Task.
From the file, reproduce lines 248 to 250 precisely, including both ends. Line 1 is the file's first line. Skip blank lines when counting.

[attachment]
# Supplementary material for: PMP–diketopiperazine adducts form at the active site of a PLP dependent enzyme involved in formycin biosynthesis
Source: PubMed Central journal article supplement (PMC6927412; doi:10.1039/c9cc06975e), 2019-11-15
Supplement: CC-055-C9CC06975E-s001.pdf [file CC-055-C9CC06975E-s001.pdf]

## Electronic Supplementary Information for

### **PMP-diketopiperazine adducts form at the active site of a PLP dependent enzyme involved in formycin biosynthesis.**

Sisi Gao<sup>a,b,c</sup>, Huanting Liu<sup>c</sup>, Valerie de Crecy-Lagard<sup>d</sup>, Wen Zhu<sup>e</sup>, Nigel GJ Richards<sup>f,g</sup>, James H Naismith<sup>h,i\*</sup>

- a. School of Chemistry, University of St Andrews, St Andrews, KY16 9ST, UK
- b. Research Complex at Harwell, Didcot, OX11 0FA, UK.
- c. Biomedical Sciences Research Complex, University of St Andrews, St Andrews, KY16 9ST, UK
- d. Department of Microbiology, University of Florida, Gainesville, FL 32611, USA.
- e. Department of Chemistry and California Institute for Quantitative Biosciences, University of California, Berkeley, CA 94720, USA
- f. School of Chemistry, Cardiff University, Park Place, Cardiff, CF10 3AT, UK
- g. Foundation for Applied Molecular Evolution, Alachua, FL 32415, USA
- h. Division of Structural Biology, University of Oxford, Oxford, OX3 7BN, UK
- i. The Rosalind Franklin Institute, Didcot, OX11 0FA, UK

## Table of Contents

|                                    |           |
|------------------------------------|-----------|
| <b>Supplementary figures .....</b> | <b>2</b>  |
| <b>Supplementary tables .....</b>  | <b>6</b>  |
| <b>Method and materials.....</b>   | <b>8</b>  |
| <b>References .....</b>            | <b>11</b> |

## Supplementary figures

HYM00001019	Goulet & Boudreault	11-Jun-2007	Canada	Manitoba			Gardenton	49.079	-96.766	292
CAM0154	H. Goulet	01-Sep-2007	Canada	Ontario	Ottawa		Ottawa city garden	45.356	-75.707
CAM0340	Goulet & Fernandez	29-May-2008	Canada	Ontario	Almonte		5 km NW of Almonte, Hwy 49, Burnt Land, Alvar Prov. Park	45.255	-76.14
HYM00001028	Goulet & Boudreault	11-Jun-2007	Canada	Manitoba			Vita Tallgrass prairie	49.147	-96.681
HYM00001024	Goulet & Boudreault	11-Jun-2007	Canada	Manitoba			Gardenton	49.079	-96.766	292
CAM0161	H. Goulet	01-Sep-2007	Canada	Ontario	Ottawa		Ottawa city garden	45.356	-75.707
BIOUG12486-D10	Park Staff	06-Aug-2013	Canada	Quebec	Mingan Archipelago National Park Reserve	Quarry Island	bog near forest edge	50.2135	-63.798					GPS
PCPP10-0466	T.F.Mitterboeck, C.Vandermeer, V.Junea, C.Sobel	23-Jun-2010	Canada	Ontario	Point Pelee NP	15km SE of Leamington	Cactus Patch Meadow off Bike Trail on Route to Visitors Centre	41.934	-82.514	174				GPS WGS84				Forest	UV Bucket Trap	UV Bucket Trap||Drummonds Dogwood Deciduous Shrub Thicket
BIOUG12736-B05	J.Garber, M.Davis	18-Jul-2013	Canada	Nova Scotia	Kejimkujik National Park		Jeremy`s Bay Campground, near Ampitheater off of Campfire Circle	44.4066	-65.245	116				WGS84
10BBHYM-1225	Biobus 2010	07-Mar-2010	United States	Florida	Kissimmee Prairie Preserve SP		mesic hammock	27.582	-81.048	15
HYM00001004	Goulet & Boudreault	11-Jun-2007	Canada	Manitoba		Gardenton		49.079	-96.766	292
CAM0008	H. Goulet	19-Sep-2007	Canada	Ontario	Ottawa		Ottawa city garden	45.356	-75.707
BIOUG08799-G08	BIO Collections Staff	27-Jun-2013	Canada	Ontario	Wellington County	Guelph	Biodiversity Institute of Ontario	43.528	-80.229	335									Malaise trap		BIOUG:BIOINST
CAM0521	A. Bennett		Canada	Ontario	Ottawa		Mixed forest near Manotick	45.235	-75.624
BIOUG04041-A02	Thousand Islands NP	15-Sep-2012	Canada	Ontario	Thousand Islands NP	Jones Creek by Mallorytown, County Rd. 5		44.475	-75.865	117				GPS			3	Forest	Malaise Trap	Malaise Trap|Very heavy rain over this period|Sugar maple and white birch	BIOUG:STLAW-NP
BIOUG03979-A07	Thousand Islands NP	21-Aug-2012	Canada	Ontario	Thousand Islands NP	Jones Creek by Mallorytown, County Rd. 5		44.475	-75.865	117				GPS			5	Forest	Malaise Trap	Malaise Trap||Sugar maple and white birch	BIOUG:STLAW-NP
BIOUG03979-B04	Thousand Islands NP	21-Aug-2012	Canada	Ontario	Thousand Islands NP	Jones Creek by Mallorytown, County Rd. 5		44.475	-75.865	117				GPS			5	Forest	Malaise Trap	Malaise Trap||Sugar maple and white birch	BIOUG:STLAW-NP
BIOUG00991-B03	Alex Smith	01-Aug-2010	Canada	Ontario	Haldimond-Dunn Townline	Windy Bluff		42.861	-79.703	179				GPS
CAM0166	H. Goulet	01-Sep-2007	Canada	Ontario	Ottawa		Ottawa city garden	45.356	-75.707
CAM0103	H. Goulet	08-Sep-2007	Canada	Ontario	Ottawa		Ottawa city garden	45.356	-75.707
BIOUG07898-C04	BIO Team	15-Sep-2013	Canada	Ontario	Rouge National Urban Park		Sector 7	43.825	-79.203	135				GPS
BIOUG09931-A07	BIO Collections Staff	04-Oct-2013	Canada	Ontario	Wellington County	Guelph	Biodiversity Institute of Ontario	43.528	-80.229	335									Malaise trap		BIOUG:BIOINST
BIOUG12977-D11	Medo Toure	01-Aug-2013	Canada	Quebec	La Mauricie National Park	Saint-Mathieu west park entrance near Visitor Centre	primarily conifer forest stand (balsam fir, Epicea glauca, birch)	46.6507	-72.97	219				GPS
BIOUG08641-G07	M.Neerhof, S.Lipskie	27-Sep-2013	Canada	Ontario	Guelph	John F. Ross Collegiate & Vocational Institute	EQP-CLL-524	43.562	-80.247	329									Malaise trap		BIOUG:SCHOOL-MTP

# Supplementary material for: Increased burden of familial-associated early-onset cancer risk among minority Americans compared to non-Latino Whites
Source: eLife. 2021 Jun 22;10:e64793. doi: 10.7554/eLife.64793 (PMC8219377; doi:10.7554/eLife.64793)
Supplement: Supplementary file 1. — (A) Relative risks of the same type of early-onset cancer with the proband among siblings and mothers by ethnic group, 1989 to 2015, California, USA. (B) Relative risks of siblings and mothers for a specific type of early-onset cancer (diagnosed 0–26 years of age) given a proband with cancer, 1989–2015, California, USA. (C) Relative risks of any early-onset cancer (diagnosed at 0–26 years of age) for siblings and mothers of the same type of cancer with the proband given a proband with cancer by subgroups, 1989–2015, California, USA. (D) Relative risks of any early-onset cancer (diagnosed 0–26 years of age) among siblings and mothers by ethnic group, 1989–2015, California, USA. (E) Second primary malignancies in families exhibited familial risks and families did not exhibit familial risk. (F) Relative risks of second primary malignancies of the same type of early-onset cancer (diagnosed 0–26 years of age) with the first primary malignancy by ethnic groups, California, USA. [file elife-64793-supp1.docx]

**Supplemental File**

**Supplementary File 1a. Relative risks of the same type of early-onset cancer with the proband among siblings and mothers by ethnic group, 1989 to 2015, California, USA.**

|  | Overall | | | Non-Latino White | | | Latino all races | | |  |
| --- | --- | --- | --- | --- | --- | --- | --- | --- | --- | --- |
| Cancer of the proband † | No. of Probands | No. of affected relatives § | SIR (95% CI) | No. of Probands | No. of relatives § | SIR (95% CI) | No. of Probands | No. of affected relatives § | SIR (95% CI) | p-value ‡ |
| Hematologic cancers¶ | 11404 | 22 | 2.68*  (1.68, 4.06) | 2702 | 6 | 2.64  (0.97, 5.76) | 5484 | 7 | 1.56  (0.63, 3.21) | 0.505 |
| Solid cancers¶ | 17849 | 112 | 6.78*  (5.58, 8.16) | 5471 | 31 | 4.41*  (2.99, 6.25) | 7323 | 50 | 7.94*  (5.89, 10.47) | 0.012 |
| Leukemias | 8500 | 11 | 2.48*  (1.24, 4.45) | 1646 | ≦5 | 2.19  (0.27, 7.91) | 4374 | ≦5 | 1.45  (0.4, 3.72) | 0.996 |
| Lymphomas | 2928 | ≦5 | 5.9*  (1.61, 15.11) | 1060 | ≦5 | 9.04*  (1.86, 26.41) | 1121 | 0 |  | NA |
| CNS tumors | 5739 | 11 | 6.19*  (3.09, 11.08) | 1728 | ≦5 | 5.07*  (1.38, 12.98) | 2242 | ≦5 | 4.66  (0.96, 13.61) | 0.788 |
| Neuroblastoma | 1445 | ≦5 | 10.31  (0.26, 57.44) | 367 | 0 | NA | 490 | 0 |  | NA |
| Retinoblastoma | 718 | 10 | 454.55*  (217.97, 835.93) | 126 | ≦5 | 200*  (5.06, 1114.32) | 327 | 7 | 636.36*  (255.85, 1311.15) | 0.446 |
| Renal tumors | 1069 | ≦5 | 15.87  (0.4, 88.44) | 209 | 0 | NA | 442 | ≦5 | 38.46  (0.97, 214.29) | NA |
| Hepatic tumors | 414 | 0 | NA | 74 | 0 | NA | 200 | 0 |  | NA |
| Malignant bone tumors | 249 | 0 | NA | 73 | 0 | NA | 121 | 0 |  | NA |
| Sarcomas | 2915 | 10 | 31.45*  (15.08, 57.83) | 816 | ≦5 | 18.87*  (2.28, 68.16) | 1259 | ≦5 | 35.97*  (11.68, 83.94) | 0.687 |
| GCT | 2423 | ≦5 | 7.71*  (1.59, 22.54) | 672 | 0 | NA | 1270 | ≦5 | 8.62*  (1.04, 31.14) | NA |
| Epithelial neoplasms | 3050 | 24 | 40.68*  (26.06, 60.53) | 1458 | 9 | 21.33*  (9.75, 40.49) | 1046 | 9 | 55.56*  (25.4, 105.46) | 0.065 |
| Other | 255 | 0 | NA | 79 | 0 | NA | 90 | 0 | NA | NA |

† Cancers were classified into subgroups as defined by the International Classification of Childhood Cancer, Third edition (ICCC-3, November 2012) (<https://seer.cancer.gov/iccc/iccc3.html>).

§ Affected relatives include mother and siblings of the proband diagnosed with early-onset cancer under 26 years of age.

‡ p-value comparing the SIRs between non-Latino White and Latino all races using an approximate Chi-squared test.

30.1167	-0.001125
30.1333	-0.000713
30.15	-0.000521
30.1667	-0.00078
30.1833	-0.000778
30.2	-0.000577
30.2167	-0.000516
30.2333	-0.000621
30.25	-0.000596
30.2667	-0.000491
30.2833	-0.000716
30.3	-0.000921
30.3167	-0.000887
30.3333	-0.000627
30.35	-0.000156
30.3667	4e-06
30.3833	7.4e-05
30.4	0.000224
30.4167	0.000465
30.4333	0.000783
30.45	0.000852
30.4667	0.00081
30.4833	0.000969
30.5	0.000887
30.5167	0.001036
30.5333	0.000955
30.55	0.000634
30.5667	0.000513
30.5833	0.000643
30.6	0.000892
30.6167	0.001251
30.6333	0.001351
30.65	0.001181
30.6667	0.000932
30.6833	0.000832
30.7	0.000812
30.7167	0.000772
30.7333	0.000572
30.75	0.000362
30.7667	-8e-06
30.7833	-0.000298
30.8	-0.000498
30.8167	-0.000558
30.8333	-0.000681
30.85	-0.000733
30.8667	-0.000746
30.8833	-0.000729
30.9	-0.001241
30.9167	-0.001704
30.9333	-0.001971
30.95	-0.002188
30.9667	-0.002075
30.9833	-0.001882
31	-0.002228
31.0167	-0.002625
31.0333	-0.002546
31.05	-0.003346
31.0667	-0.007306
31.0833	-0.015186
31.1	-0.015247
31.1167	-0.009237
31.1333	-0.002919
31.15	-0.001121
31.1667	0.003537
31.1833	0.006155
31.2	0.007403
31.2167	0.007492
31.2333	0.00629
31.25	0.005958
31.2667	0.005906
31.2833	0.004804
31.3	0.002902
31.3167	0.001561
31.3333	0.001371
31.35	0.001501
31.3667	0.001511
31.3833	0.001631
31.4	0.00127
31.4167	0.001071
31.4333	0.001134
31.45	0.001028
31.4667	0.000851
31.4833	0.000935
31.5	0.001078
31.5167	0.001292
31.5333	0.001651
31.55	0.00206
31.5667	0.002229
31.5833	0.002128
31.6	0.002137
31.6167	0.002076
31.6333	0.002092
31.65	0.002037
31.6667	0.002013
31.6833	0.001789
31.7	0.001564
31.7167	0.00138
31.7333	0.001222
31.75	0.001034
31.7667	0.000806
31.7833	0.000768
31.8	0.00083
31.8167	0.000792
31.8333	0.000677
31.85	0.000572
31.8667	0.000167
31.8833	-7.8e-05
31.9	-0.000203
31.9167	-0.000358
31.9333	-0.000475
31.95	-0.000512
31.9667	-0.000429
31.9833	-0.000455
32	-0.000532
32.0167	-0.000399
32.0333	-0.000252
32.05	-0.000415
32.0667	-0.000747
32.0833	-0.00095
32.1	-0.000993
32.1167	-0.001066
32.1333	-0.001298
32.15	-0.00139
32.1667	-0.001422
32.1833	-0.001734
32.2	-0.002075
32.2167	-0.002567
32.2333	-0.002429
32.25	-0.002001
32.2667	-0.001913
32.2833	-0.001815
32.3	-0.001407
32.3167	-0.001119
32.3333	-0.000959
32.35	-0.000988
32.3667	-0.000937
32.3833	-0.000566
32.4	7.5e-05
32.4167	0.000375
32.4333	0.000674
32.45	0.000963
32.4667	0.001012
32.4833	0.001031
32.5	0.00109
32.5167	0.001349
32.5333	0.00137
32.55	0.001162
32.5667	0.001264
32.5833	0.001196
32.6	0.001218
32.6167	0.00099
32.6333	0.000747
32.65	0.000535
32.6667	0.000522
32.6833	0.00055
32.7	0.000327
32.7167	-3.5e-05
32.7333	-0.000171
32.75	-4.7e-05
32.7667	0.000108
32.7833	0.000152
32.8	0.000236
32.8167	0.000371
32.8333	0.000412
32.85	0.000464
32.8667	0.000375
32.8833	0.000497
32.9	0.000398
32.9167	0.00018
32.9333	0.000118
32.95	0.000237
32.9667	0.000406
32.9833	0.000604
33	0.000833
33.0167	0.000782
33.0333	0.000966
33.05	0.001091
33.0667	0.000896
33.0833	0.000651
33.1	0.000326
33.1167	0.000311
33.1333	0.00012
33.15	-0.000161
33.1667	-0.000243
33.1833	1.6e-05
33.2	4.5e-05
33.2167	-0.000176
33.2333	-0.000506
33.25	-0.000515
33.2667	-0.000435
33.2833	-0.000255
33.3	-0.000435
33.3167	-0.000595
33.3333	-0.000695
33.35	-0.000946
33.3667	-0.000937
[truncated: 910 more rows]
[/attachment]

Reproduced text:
33.0333	0.000966
33.05	0.001091
33.0667	0.000896